NOTE: I corrected the amount of flour listed in the recipe below as I realized I had written it incorrectly as the full (rather than the halved) recipe amount.
I had plans for a coconut dessert this weekend, as well as the chili etc., but it didn’t happen. I still had a coconut craving when I got home from work today, though, so I made a “Magic” coconut pie.
What does the term refer to, you may ask? Well, it’s one of those dishes in which all the ingredients are whisked together and then, during baking, they separate into a crust, filling and some sort of top. And because I didn’t want to be eating it daily – and doesn’t that sound familiar – I decided to scale down the recipe, which supposedly serves six, to half that. I had to do a couple of adjustments since my shredded coconut was unsweetened, and I used melted margarine instead of butter. I’m posting the revised recipe below.
Mini ‘Magic’ Coconut Pie – serves 3 (2 is more realistic)
2 tbsp flour
1/4 cup sugar
1/8 tsp baking powder
1/4 cup sweetened shredded coconut*
6 tbsp (1/4 cup and 2 tbsp) milk
2 tbsp melted butter**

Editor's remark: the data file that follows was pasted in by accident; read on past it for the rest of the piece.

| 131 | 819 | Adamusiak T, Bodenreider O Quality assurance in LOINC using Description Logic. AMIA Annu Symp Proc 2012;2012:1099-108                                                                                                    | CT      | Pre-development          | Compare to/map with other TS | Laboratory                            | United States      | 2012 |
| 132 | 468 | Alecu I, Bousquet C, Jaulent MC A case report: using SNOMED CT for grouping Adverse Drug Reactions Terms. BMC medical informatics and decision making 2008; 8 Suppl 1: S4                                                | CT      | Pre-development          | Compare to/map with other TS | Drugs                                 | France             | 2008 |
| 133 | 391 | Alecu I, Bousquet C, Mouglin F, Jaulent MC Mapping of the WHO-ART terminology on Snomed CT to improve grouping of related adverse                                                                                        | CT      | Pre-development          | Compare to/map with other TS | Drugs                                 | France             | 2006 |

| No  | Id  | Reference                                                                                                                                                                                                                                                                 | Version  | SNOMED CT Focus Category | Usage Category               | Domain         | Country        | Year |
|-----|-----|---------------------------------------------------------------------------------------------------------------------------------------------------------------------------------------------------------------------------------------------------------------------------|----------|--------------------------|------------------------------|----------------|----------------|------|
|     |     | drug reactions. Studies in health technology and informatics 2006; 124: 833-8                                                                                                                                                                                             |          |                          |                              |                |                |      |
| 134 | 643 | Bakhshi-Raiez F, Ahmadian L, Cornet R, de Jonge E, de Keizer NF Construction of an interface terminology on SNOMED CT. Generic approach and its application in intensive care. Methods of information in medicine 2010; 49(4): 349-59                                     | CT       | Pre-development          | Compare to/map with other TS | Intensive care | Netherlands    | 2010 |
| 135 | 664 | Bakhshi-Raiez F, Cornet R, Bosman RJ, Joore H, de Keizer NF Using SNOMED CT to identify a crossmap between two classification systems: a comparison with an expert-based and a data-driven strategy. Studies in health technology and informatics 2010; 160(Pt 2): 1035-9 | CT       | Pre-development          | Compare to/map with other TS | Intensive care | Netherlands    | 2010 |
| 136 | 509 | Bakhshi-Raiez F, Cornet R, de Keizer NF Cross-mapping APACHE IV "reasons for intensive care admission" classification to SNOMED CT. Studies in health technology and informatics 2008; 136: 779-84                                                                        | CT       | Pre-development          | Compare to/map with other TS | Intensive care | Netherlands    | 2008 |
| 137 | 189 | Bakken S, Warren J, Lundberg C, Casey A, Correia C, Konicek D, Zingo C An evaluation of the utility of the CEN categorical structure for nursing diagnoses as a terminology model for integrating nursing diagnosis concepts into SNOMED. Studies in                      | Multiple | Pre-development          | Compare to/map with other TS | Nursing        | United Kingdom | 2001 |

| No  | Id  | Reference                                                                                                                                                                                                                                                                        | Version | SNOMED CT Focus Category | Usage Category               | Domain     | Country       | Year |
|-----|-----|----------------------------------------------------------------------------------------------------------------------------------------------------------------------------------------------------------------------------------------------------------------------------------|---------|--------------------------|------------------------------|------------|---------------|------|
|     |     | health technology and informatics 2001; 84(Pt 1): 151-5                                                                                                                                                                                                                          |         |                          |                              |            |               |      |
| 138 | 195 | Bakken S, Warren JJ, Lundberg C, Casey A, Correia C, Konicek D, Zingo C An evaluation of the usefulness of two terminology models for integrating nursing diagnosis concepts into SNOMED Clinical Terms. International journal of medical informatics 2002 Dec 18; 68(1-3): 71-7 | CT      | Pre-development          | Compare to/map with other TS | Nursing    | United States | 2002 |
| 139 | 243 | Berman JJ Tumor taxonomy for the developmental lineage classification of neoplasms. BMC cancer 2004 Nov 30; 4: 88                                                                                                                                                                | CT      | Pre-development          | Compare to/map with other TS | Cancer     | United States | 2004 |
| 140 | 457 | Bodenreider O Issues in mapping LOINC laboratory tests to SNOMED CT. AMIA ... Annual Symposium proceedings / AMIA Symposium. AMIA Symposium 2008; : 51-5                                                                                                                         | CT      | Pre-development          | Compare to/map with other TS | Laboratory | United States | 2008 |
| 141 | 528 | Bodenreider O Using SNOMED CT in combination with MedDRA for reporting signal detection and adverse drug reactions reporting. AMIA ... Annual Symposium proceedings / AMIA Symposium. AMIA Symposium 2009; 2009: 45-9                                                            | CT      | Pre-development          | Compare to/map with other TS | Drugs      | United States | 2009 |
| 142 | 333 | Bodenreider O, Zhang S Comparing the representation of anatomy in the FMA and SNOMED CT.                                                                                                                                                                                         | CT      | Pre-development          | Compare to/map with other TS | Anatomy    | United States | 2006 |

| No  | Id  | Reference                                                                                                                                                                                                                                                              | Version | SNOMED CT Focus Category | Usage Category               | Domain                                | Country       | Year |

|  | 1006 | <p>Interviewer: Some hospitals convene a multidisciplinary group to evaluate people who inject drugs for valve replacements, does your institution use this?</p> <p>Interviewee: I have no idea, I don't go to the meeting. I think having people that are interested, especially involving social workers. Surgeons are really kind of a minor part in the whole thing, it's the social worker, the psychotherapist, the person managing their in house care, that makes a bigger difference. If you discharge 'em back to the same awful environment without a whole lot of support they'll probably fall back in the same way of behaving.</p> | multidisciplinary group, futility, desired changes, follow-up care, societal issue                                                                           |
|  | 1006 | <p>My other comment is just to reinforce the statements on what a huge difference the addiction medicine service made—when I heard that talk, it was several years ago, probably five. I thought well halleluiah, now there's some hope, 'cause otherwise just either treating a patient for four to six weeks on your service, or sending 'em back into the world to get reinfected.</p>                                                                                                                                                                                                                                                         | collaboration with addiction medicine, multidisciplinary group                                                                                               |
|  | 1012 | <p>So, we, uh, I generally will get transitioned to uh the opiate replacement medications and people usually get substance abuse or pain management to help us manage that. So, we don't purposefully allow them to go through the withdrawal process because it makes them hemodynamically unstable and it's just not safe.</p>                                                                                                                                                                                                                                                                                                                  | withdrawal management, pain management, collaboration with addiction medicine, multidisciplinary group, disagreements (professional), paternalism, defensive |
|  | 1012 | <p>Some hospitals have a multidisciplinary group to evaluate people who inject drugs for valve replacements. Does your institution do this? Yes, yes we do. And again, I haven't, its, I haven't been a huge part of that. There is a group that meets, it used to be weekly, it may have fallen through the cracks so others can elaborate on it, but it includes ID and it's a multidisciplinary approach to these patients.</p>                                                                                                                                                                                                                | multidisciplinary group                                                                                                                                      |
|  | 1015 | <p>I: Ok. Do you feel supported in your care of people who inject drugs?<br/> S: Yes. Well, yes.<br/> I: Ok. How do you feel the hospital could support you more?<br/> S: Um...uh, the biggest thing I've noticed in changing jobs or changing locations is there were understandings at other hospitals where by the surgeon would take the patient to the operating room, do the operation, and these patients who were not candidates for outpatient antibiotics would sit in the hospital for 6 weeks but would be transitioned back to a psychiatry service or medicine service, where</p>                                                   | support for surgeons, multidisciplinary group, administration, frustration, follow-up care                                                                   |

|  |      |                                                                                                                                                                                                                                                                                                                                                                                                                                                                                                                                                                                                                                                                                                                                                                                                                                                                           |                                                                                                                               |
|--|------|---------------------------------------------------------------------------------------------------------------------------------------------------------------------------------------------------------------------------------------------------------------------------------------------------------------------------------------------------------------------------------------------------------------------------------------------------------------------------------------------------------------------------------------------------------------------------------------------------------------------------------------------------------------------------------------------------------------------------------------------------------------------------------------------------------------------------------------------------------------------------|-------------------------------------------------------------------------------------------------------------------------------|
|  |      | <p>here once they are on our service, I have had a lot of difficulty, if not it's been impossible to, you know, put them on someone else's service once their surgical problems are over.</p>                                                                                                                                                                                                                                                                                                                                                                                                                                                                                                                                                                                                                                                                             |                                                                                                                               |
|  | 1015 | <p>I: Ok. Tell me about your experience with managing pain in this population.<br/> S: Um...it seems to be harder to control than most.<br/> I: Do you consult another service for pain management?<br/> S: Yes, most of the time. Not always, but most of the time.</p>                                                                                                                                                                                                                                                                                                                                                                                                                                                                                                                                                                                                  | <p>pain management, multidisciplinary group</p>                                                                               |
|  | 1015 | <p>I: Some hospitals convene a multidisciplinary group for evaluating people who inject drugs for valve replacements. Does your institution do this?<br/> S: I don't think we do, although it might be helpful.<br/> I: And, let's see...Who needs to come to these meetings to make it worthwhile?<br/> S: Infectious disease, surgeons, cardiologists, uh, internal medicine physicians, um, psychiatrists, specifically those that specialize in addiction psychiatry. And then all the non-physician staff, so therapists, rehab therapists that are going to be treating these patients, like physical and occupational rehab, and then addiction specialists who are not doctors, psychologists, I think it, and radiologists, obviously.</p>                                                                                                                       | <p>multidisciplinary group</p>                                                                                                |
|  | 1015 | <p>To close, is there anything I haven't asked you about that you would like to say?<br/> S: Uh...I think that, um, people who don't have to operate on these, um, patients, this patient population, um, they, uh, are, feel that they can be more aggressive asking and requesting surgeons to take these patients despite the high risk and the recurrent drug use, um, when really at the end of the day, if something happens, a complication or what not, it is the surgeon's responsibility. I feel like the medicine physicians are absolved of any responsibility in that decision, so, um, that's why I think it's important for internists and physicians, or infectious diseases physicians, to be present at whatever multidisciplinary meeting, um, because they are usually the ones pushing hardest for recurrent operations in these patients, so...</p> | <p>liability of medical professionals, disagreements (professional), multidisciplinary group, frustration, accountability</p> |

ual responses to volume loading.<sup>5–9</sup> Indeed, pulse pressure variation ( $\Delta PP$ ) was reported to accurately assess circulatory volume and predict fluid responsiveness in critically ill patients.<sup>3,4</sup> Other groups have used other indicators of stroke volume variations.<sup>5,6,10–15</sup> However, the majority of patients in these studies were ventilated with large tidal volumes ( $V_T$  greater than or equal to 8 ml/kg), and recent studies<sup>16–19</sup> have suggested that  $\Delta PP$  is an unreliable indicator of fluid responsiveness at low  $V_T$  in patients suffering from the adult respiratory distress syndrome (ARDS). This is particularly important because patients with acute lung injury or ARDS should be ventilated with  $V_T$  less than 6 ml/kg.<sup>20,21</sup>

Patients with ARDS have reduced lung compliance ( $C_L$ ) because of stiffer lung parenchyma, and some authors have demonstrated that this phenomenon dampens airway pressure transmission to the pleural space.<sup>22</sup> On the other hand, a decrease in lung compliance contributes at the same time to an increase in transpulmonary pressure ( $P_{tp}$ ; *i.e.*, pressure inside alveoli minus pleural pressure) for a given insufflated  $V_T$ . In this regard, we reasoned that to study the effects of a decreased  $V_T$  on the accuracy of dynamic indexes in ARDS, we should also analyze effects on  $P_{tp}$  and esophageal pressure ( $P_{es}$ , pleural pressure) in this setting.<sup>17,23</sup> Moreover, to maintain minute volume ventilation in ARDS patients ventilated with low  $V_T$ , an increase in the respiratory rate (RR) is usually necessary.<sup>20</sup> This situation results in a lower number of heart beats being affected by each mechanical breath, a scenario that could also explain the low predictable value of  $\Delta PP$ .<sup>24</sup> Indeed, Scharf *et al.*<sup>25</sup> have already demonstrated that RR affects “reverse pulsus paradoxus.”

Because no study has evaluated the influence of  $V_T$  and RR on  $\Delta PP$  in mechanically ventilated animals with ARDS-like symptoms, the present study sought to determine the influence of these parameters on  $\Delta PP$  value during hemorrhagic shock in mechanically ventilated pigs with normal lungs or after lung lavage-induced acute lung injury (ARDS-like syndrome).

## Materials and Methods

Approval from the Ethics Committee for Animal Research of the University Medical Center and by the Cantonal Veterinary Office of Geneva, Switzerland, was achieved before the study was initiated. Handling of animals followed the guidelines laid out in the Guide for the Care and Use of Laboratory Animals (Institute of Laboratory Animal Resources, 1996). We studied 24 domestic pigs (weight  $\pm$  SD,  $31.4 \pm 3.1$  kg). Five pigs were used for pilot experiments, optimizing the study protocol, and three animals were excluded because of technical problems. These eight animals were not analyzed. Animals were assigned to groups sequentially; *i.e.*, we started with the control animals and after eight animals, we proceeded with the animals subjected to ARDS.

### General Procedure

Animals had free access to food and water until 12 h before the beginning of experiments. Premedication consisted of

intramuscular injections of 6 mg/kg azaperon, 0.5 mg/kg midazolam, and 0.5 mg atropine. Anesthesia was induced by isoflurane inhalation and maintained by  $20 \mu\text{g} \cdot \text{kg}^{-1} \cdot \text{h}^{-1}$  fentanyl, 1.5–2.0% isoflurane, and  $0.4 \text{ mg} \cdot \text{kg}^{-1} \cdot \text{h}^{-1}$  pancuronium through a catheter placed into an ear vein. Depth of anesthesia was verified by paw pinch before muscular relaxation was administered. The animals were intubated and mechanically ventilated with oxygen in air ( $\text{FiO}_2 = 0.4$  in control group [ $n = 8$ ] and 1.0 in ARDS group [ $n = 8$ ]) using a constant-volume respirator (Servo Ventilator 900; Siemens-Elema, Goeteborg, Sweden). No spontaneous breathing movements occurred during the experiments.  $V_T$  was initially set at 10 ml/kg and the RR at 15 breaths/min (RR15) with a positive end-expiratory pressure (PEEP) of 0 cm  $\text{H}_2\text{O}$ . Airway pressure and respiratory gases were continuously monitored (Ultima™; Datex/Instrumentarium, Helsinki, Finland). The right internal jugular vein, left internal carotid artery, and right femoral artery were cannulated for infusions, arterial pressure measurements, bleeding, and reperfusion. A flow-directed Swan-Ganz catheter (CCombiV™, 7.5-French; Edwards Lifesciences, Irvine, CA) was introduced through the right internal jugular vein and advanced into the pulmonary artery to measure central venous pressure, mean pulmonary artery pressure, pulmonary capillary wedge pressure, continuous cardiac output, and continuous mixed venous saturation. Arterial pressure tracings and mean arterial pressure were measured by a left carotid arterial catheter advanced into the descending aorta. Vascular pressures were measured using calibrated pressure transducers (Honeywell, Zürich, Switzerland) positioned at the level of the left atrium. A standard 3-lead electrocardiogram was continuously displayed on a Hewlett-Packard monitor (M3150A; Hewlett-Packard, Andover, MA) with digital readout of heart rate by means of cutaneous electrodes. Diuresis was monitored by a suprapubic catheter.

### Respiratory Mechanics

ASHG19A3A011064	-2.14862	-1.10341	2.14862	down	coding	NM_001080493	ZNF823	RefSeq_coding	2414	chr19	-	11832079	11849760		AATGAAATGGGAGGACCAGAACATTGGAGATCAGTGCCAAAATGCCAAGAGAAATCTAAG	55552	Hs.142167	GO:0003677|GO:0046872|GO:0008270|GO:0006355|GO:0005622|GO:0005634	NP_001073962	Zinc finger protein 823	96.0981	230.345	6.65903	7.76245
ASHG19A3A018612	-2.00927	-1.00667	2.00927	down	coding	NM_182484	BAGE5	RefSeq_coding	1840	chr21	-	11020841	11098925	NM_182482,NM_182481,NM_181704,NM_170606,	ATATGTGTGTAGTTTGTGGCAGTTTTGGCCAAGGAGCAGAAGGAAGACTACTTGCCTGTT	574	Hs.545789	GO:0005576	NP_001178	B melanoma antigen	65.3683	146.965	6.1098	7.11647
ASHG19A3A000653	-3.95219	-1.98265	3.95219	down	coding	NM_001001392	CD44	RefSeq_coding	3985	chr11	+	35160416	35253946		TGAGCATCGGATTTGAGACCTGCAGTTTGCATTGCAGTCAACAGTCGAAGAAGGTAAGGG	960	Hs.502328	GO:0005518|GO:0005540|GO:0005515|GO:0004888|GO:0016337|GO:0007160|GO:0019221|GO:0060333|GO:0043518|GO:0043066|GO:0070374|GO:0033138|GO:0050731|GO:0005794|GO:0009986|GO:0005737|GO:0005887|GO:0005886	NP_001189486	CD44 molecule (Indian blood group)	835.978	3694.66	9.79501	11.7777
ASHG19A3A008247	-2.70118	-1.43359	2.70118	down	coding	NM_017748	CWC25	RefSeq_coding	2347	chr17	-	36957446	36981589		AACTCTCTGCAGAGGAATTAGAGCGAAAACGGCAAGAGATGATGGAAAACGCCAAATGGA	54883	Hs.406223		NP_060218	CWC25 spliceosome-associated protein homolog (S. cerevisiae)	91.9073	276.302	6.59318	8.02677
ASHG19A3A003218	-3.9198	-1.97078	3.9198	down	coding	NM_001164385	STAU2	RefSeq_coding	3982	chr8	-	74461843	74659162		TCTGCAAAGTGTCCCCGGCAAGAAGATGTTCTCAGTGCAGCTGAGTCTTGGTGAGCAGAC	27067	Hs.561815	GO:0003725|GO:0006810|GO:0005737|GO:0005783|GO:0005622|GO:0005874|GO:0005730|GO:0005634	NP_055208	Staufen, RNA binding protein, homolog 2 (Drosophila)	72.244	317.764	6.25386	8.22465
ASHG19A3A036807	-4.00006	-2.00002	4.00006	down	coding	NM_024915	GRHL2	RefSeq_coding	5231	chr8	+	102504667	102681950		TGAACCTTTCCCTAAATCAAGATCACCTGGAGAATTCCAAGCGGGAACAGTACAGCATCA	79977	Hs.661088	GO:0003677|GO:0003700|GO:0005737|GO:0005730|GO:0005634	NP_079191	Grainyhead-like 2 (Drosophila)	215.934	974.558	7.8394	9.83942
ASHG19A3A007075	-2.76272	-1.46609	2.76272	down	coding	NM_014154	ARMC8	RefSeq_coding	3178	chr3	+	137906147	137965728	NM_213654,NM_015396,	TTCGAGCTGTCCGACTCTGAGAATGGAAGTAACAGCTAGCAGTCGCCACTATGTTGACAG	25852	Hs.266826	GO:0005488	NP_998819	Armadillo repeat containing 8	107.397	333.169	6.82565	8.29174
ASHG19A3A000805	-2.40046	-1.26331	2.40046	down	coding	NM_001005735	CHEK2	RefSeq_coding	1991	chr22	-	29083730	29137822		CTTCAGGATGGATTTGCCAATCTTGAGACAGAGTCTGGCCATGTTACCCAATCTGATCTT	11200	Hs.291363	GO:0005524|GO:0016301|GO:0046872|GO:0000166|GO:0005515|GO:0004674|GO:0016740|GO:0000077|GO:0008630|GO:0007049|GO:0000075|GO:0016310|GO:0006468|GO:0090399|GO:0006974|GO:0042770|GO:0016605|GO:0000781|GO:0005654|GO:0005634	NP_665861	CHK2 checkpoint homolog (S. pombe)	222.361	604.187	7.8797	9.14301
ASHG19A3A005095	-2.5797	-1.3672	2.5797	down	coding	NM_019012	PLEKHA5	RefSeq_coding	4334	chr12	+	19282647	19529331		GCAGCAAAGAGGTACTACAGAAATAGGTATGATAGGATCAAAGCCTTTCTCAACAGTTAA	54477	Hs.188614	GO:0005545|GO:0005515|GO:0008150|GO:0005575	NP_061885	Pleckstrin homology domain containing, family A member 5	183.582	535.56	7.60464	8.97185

pinch of salt**
1 tsp vanilla extract
* Replaced the sweetened shredded coconut with unsweetened coconut and an additional tbsp of sugar
** Replaced the melted butter and salt with just melted margarine
Preheat the oven to 350 degrees Fahrenheit.
In a medium sized bowl, mix all the ingredients together with a whisk or hand blender. Pour into a buttered and floured 5 1/4-inch wide pie dish. Place on a baking sheet in case of spills.
Bake in a 350 deg F oven for 35 min or until golden brown and set. (You may want to test with a toothpick to make sure it comes out clean.)
Let cool, slice and serve with a scoop of sweetened whipped cream or a small scoop of ice cream or gelato.
Chocolate Variation: Substitute 1 tbsp of cocoa powder for 1 tbsp of the flour in the recipe above.
NOTE: Visual progress of the pie
After 20 minutes, the pie showed little change.
After 25 minutes, it’s puffed up to almost double in size, there’s cracking on the surface, which is pale. The custard inside seems moist.
After 30 minutes, the surface of the pie has darkened somewhat and the custard seen through the cracks seems more set.
After 35 minutes, a toothpick inserted into the ‘custard’ filling comes out clean and the top is nicely browned.
Upon removal from the oven, the pie slowly deflates and about half an hour later, there is a definite depression in the central 2/3 of the pie.
The crust is defined but a bit soft and not like a ‘regular’ pie crust. Taste-wise, it’s delicious. And not overly sweet.